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[PMID]: 29464286
[Au] Autor:Chatzigianni A; Kyprianou C; Papadopoulos MA; Sidiropoulou S
[Ad] Address:Department of Orthodontics, School of Dentistry, Faculty of Health Sciences, Aristotle University of Thessaloniki, Thessaloniki, Greece. chatzigianni.athina@gmail.com.
[Ti] Title:Dentoalveloäre Merkmale bei Kindern mit juveniler idiopathischer Arthritis. Dentoalveolar characteristics in children with juvenile idiopathic arthritis.
[So] Source:J Orofac Orthop;79(2):133-139, 2018 Mar.
[Is] ISSN:1615-6714
[Cp] Country of publication:Germany
[La] Language:eng
[Ab] Abstract:PURPOSE: Juvenile idiopathic arthritis (JIA) is an autoimmune disease with multiple potential causal factors. In case of temporomandibular joint (TMJ) affection, the inflammatory reaction can result in restricted mandibular growth with implied skeletal and facial deformities. Aim of the present study was to examine dentoalveolar and occlusion characteristics in children with JIA. PATIENTS AND METHODS: The sample consisted of 66 children (27 boys, 39 girls) with JIA. Thirty-three of them showed unilateral or bilateral condylar destruction, while the other half did not manifest any TMJ involvement. Corresponding dental casts of these patients were evaluated and Angle classification, overjet, overbite, crossbite, crowding, and ectopic teeth were registered. All dental casts were subsequently scanned and digitized to analyze 26 additional variables. Subgroups according to sex and condylar affection were formed. Statistical analysis was performed using Fisher's least significant difference (LSD) post hoc test of analysis of variance (ANOVA). RESULTS: The prevalence of Class II, division 1 malocclusion in this JIA sample was high (28.8%). Compared to girls, boys had significantly greater dental arch widths and lengths. The group with bilateral condylar affection had significantly decreased lower arch length and increased irregularity index (p < 0.035) compared to the non-affected group. CONCLUSIONS: Bilateral condylar involvement in children with JIA seems to reduce the lower arch length, while increasing the irregularity index of the lower front teeth.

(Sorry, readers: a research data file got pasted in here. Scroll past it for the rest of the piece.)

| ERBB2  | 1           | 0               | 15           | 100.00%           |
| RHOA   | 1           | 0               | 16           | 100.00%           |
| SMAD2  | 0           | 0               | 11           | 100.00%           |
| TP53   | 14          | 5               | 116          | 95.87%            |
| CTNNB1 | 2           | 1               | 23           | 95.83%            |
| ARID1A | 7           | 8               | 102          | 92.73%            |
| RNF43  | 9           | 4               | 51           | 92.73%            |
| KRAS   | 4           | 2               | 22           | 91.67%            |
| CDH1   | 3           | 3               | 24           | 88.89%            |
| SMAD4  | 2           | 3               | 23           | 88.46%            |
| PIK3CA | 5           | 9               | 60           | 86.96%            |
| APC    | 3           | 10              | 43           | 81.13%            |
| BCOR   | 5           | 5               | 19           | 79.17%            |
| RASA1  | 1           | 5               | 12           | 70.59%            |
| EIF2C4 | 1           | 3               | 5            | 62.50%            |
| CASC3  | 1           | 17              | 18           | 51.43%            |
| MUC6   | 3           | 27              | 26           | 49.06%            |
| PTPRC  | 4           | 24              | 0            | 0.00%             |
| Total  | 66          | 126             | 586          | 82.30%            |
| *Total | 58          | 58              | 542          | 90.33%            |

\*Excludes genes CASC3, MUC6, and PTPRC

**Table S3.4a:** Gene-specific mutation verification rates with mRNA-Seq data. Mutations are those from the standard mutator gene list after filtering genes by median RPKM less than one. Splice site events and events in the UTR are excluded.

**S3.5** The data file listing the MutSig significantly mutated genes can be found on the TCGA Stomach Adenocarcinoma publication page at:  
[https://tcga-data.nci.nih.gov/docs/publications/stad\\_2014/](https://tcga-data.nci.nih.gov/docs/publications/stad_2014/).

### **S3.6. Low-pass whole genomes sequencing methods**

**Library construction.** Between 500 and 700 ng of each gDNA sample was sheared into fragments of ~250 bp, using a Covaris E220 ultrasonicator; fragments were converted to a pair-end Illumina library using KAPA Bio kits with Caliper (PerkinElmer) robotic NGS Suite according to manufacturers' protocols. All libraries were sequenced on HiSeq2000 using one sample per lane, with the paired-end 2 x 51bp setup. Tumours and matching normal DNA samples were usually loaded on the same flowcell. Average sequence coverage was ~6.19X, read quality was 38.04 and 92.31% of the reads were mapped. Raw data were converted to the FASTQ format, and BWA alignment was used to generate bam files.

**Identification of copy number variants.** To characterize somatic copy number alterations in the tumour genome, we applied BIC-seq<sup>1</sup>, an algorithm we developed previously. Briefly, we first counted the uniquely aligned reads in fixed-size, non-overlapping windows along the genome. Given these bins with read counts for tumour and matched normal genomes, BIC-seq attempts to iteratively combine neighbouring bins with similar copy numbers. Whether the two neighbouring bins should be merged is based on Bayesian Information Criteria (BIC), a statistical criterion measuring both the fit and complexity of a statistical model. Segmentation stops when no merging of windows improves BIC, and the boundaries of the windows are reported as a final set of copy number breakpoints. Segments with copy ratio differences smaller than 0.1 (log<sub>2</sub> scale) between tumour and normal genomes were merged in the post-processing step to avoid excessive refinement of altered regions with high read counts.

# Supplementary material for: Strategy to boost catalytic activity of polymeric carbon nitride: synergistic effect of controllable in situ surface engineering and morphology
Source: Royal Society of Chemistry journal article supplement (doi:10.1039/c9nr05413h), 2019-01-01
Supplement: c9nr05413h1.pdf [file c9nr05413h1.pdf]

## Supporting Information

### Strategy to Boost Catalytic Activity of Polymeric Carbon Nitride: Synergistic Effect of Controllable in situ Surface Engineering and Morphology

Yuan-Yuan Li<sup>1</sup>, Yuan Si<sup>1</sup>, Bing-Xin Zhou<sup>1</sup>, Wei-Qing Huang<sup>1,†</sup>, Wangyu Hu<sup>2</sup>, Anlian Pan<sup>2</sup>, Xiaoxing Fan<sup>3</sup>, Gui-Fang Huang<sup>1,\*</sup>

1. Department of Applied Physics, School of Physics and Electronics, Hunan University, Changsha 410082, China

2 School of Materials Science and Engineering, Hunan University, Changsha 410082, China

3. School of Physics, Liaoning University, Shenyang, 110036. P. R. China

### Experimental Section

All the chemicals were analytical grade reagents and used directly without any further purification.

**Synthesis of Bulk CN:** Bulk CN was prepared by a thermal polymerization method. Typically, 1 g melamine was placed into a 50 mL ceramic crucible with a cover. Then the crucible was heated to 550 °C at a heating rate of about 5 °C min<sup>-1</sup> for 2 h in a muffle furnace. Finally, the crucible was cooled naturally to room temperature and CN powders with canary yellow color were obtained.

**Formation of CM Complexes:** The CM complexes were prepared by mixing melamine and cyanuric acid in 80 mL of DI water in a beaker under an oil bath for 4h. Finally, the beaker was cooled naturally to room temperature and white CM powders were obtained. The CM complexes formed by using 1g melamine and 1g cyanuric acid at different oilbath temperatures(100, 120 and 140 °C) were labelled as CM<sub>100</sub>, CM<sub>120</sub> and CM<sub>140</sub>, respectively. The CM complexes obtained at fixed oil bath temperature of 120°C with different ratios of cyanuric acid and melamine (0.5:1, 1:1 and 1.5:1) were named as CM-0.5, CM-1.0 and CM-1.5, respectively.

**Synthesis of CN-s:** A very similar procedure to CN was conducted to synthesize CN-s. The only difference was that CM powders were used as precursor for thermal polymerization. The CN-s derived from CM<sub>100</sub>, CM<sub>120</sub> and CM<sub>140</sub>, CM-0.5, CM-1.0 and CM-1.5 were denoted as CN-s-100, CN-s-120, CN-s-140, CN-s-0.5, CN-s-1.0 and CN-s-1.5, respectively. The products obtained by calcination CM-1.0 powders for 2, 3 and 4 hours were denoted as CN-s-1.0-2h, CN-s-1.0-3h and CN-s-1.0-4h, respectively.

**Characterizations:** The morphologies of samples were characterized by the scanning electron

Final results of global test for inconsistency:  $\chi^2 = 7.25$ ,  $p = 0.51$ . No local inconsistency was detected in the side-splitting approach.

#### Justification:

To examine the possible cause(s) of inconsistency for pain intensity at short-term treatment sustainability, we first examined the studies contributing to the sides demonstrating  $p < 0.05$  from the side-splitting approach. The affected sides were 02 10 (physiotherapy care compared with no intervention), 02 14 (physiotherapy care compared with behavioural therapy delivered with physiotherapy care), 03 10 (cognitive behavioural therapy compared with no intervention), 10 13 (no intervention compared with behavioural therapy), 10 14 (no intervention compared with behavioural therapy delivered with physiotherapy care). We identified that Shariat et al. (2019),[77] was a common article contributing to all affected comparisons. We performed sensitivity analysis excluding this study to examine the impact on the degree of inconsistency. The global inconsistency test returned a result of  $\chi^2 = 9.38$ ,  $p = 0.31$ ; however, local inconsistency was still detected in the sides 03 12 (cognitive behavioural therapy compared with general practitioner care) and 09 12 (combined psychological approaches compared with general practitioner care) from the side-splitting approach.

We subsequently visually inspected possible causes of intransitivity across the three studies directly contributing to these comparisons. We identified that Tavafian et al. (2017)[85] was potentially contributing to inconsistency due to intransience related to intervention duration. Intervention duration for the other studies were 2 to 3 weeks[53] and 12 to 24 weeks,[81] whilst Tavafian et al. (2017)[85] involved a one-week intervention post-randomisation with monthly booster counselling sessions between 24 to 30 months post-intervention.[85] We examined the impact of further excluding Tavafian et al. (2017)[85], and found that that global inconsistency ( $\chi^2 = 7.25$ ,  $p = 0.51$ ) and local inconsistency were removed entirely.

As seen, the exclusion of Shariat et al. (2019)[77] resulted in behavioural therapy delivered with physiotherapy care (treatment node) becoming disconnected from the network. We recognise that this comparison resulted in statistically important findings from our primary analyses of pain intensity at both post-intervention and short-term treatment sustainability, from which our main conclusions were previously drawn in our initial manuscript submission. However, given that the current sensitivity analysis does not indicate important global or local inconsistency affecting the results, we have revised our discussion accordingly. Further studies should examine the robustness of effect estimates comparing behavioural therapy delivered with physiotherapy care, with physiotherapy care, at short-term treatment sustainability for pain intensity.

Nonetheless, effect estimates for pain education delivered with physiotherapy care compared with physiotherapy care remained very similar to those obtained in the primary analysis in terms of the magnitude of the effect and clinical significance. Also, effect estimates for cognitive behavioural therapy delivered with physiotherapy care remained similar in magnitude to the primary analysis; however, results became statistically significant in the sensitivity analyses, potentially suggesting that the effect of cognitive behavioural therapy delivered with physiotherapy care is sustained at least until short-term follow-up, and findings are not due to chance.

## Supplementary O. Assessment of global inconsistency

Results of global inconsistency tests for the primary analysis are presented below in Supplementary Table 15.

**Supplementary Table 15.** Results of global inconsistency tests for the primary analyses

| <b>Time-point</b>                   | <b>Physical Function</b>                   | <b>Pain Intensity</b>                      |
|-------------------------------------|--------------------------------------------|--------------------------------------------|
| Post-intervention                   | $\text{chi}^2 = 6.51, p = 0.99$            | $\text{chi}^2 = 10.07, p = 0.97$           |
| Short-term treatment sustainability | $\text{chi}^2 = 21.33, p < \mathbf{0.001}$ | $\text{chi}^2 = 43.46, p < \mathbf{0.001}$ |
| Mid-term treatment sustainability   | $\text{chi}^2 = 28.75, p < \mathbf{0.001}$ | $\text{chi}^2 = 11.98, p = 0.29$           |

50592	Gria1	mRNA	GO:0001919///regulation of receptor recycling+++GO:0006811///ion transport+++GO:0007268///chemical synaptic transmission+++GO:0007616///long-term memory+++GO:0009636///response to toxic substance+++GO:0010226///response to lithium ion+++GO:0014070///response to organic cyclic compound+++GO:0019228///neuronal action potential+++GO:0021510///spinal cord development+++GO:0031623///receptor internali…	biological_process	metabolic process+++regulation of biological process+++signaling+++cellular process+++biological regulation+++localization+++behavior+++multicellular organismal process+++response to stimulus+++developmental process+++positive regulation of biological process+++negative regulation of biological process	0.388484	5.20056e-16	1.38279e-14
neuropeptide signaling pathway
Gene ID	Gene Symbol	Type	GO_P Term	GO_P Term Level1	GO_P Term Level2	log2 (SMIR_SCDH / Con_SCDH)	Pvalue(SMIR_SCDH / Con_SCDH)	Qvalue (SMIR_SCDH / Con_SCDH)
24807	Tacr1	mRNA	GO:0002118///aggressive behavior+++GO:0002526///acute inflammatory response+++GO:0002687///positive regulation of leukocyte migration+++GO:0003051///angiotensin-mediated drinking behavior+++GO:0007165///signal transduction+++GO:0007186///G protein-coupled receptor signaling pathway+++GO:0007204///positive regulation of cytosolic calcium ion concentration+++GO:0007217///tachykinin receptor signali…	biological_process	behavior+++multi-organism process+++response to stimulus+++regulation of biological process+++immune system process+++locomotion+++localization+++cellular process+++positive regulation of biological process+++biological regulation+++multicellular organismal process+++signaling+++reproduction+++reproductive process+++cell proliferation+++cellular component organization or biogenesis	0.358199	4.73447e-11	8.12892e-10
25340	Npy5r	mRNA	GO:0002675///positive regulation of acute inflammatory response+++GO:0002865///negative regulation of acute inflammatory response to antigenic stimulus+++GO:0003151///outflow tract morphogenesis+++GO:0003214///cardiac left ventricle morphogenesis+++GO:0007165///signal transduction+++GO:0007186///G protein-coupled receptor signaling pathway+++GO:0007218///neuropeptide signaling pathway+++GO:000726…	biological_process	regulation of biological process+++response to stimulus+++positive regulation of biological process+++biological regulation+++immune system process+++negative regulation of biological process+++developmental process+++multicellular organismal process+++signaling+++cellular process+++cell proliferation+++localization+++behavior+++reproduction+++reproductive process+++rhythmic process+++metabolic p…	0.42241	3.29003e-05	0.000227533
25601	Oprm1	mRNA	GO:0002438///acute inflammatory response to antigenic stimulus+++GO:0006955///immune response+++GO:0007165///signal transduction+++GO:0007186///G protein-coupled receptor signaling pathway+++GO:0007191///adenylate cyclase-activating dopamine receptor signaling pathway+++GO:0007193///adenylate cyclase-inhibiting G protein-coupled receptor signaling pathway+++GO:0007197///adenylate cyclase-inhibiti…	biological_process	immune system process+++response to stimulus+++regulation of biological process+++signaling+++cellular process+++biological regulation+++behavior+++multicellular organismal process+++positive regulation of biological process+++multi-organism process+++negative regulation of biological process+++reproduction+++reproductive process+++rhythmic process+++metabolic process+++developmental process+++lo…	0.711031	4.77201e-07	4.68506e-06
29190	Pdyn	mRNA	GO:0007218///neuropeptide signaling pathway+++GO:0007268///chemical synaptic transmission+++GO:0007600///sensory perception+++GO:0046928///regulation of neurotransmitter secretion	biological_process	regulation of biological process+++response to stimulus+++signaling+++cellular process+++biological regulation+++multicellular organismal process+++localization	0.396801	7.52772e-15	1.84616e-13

[Pt] Publication type:JOURNAL ARTICLE
[Em] Entry month:1802
[Cu] Class update date: 180309
[Lr] Last revision date:180309
[St] Status:In-Process
[do] DOI:10.1007/s00056-018-0121-9

  2 / 2202 MEDLINE  
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[PMID]: 29237013
[Au] Autor:Bock NC; Saffar M; Hudel H; Evälahti M; Heikinheimo K; Rice DP; Ruf S
[Ad] Address:Department of Orthodontics, University of Giessen, Giessen, Germany.
[Ti] Title:Outcome quality and long-term (≥15 years) stability after Class II:2 Herbst-multibracket appliance treatment in comparison to untreated Class I controls.
[So] Source:Eur J Orthod;, 2017 Dec 09.
[Is] ISSN:1460-2210
[Cp] Country of publication:England
[La] Language:eng
[Ab] Abstract:Aim: To investigate the outcome quality and the long-term (≥15 years) post-treatment (Tx) changes after Class II:2 Herbst-multibracket appliance (MBA) Tx. Subjects and Methods: In this longitudinal observational study, a recall of Class II:2 patients who had been treated by a Herbst-MBA during adolescence was conducted. Study models from before and after active Tx, after retention and after recall were assessed using standard occlusal variables and the peer assessment rating index (PAR). These data were compared to historical untreated Class I controls. Results: Twenty out of 33 patients (61%) could be located and participated at age 33.9 ± 2.7 years. When comparing their data to the 13 patients who did not participate, the pre- and post-Tx occlusal findings did not differ systematically; however, the PAR scores of the non-participants were by 3.3-8.2 points higher at all times and the non-participants were 2.1-2.5 years older. Pre-Tx at age 14.4 ± 2.7 years, the participants showed the following mean values: PAR = 15.0 ± 7.0, Class II molar relationship (MR) = 0.8 ± 0.3 cusp widths (cw), overbite = 5.3 ± 1.3 mm. After Tx, a PAR score of 2.9 ± 1.3 and a super Class I MR (-0.1 ± 0.1 cw) with normal overbite (1.2 ± 0.8 mm) existed. At recall, a PAR score increase to 5.9 ± 3.6 points had occurred, mainly caused by an increase of overbite to 2.5 ± 1.5 mm. The average MR remained Class I (0.0 ± 0.2 cw). For all variables, the untreated controls exhibited similar findings. Conclusion: The occlusal outcome of Class II:2 Herbst-MBA Tx exhibited very good long-term stability. While mild post-Tx changes occurred, the long-term findings are similar to untreated Class I controls.